On August 31 DEA proposed to temporarily place mitragynine and 7-hydroxymitragynine, the main psychoactive constituents of kratom (Mitragyna speciosa) into schedule I pursuant to the temporary scheduling provisions of the Controlled Substances Act. Those provisions provided a brief window for comment for such an action, and that opportunity was used by commenters from industry and Capitol Hill to the full.
The emergency listing procedure in the Controlled Substances Act gives DEA an authority that is unusual among regulatory bodies, according to the American Herbal Products Association. Putting a substances on the schedule 1 list in this way is not subject to judicial review, the organization noted. Schedule 1, which includes drugs like heroin, LSD, cannabis and Ecstasy, is defined as substances that have a high risk of abuse, no current accepted medical use and a lack of accepted safety for use under medical supervision.
“Such unfettered discretion to criminalize conduct and effectively obstruct the availability of historically marketed items of commerce must be exercised sparingly and with great care for the legitimate interests of affected persons,” AHPA said in a statement.
And a number of US Senators and Representatives apparently agreed with that assessment, and the reaction to DEA’s attempted emergency listing drew broad bipartisan support. Two letters were sent to DEA by Senators, one signed by nine Senators including Orrin Hatch, R-UT and Bernie Sanders, D-VT and the other signed by three, including Cory Booker, D-NJ. A letter also came from the House that was signed by 45 Representatives including Ted Poe, R-TX and Jared Polis, D-CO. The content of the three letters was similar, with lawmakers urging DEA to follow the formal procedure which would allow adequate time for stakeholders to weigh in and would require DEA to outline the evidence that caused it to take this decision.
More protracted proceeding
This is what the agency has agreed to do. In response to that backlash, the agency has agreed to halt the progress toward an immediate emergency listing and institute a more formal listing proceeding. The agency will also solicit from the Food and Drug Administration a “scientific and medical evaluation and scheduling recommendation for these substances, which DEA previously requested.”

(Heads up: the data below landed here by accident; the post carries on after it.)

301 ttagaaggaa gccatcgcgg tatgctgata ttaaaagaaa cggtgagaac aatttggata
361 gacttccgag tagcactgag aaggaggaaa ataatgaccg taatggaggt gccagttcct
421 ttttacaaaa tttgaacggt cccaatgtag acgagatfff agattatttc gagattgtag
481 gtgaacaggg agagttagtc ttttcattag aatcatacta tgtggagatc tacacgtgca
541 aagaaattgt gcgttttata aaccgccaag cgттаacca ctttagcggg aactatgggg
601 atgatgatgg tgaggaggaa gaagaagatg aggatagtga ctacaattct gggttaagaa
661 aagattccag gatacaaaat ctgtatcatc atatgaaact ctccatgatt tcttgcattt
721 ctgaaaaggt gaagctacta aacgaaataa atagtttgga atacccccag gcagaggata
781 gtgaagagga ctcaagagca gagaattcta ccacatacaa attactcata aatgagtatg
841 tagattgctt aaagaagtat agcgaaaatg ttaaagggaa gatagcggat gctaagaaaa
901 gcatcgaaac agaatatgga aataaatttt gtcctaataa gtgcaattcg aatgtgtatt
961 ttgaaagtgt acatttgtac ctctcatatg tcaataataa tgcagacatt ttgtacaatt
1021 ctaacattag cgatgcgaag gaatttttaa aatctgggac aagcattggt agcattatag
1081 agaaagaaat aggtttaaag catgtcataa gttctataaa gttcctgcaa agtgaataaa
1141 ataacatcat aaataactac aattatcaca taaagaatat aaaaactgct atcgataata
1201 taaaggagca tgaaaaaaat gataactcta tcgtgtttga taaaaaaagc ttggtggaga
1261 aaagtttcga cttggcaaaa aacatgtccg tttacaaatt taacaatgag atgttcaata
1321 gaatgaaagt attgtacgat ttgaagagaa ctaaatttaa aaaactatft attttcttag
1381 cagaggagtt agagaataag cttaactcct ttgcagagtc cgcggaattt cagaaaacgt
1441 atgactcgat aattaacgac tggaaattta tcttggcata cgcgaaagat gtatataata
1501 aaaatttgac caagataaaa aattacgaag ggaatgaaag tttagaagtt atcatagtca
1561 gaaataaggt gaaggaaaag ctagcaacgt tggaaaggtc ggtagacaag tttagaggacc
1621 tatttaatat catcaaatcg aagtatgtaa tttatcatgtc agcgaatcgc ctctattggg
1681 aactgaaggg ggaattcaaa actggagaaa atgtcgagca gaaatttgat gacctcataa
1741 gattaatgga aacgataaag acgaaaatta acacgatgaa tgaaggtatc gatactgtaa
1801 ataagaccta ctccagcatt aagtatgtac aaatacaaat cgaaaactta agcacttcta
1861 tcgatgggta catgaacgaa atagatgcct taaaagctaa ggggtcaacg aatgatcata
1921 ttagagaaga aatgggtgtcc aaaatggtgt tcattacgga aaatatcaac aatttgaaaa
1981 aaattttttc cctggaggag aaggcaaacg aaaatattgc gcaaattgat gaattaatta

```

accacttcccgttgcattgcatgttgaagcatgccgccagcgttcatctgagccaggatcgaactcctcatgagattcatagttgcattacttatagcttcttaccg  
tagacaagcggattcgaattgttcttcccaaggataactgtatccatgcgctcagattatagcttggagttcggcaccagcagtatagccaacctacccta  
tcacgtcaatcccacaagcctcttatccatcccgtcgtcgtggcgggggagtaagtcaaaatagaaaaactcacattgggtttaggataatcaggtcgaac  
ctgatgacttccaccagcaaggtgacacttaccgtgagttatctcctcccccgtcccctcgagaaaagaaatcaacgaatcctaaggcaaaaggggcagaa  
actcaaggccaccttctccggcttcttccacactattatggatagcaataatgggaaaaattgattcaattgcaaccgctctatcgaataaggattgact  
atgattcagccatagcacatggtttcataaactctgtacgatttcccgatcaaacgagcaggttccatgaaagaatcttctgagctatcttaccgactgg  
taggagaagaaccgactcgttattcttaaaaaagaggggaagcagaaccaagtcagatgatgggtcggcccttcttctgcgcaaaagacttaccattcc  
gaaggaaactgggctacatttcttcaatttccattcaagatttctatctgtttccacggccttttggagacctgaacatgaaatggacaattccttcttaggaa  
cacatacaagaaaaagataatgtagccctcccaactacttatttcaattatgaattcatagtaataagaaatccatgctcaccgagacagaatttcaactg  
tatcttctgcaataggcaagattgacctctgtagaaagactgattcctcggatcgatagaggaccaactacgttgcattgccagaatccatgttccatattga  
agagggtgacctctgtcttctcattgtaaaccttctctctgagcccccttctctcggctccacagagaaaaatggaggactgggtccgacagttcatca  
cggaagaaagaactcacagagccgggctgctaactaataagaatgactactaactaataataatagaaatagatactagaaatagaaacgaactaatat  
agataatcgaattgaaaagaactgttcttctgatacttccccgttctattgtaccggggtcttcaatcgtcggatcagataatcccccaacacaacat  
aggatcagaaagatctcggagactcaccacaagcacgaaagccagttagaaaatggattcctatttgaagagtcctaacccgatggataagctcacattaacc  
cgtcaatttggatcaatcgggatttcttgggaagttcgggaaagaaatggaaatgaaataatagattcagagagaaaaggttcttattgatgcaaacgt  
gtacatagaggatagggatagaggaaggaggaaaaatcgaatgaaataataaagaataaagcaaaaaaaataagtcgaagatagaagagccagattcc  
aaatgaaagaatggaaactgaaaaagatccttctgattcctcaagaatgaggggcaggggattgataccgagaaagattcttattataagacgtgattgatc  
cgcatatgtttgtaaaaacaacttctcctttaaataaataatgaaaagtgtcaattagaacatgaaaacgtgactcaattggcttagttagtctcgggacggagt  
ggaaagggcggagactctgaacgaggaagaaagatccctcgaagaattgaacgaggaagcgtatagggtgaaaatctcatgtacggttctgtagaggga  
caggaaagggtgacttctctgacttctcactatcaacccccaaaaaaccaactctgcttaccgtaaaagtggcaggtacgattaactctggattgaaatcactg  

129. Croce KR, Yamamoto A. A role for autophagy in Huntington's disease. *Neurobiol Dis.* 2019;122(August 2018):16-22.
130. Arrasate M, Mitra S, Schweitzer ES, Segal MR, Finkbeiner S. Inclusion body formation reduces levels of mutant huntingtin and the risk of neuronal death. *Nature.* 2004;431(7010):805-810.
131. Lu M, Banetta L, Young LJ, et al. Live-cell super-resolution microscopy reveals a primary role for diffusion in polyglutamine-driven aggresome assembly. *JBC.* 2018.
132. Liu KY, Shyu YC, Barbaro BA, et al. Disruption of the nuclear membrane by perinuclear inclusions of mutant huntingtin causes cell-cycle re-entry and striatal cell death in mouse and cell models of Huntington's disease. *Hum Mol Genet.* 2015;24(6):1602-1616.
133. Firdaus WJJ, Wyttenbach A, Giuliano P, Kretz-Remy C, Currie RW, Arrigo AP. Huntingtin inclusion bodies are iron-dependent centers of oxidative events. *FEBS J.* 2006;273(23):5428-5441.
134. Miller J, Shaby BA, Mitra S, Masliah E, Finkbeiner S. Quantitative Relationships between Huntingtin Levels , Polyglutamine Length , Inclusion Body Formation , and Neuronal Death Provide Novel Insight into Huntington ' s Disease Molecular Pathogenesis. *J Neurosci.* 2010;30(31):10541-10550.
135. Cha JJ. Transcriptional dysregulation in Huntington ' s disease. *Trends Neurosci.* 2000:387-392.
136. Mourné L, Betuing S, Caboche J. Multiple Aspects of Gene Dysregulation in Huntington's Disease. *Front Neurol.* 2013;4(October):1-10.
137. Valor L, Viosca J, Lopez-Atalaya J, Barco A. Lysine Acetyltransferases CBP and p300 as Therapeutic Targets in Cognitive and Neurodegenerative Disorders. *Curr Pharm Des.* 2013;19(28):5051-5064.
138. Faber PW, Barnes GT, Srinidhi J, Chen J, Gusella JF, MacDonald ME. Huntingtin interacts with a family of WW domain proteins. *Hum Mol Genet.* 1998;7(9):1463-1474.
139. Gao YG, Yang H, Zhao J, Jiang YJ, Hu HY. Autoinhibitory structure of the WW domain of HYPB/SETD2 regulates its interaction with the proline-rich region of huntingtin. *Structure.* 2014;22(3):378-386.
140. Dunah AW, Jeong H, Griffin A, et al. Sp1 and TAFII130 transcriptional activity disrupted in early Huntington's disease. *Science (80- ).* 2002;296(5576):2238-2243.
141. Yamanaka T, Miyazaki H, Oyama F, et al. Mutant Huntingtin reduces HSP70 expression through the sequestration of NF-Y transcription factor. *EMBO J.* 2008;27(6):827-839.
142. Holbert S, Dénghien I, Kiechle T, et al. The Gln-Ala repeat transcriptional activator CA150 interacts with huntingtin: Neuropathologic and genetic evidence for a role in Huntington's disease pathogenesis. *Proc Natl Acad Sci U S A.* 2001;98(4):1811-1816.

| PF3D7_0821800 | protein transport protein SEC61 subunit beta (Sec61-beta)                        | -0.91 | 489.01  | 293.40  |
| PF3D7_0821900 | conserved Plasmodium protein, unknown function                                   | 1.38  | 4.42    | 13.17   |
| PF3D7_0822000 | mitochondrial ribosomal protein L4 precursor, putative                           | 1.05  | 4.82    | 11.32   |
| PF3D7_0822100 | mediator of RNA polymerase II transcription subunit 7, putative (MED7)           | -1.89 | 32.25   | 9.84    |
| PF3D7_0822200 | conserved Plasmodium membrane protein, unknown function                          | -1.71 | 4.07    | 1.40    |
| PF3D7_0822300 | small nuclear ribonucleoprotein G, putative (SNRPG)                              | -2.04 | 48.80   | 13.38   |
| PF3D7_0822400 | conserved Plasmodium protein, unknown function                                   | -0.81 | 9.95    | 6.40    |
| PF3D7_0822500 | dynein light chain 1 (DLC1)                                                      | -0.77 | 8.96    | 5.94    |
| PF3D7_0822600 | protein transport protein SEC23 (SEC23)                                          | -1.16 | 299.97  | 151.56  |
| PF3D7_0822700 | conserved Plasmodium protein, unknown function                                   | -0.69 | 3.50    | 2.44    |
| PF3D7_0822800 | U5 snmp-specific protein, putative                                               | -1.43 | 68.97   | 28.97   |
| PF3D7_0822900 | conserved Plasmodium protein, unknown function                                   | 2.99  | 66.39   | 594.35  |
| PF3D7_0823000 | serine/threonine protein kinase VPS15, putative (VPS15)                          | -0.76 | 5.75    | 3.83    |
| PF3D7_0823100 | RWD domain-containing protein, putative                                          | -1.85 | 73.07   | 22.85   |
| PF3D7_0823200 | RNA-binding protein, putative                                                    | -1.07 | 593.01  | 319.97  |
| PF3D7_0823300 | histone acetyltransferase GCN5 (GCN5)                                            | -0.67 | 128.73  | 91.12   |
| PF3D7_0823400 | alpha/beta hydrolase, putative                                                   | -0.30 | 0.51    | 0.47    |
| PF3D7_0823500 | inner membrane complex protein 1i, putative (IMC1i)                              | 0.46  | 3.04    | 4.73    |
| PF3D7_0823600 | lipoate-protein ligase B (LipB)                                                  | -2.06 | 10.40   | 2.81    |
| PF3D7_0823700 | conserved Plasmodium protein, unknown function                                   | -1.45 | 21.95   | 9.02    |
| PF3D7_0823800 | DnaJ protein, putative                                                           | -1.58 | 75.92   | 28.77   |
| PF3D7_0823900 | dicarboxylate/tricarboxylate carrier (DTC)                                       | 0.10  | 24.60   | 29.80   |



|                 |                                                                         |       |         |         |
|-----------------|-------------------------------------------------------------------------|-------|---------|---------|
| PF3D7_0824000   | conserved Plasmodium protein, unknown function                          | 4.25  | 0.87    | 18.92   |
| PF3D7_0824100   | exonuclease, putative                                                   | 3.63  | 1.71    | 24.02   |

Daniel Fabricant, PhD, CEO and executive director of the Natural Products Association, said that while he and his organization’s view of the botanical remains the same, he’s gratified that a rush to judgement on a natural product has been forestalled, even though during his stint at the helm of the Division (now Office) of Dietary Supplement Programs at FDA Fabricant was not keen on seeing kratom appear in dietary supplements.
“I think our view on the ingredient hasn’t changed. But DEA hadn’t used this particular emergency listing mechanism before, and due process is part of the issue,” Fabricant told NutraIngredients-USA.
Mark Blumenthal, executive director of the American Botanical Council, said DEA’s move is welcome in that it avoids what might be a troubling precedent for botanical medicines, whether they fit neatly into a dietary supplement definition or not. He said his organization’s publication HerbalGram has written an extensive, peer-reviewed article on kratom that it will be publish soon.
“DEA has heard from various sectors of the public that it is possible that their initial proposal may have been precipitous and not adequately thought out. I’m gratified that there might be some resolution in the schedule 1 treatment. Although there are some known tolerances and perhaps some addictive potential for some of the compounds of kratom, they seem to be lower in pharmacological activity than most opioids and there seems to be a reasonable potential for some people to use kratom to step down their opioids dependency,” he said.
Kratom is noted for its pain relief properties and has a long history of use in Southeast Asia. In North America it has been mentioned as being helpful in weaning people away from addiction to opiod pain killers. FDA has in place an import ban dating from 2014 (Fabricant left the agency in April of that year), but reportedly large quantities are still showing up on the market and being sold as dietary supplements. Proponents of the herb have come together to form an industry association, the American Kratom Association, and an advocacy group called the Botanical Education Alliance, which was previously known as Botanical Legal Defense. The group claims to have successfully prevented moves to place additional legal restrictions on the plant in a number of states.
A new comment window has been opened with a deadline of Dec. 1. The agency said those who have already submitted comments on the (now more protracted) listing proposal do not have to submit new comments, but may do so if they want to provide additional information.
Speaking of submitting information, Fabricant said that his organization’s view on kratom rests on that notion. In NPA’s view, there has been a bum-rush to market, with proponents of the botanical bowling over legal barriers that are in place.
“I think our issue is that some people might have some of our position wrong. The position we took is that some people have this on the market without having filed a New Dietary Ingredient notification. If there is safety data on an NDI, then people have to file it, whether it’s kratom, or stevia or whatever,” he said.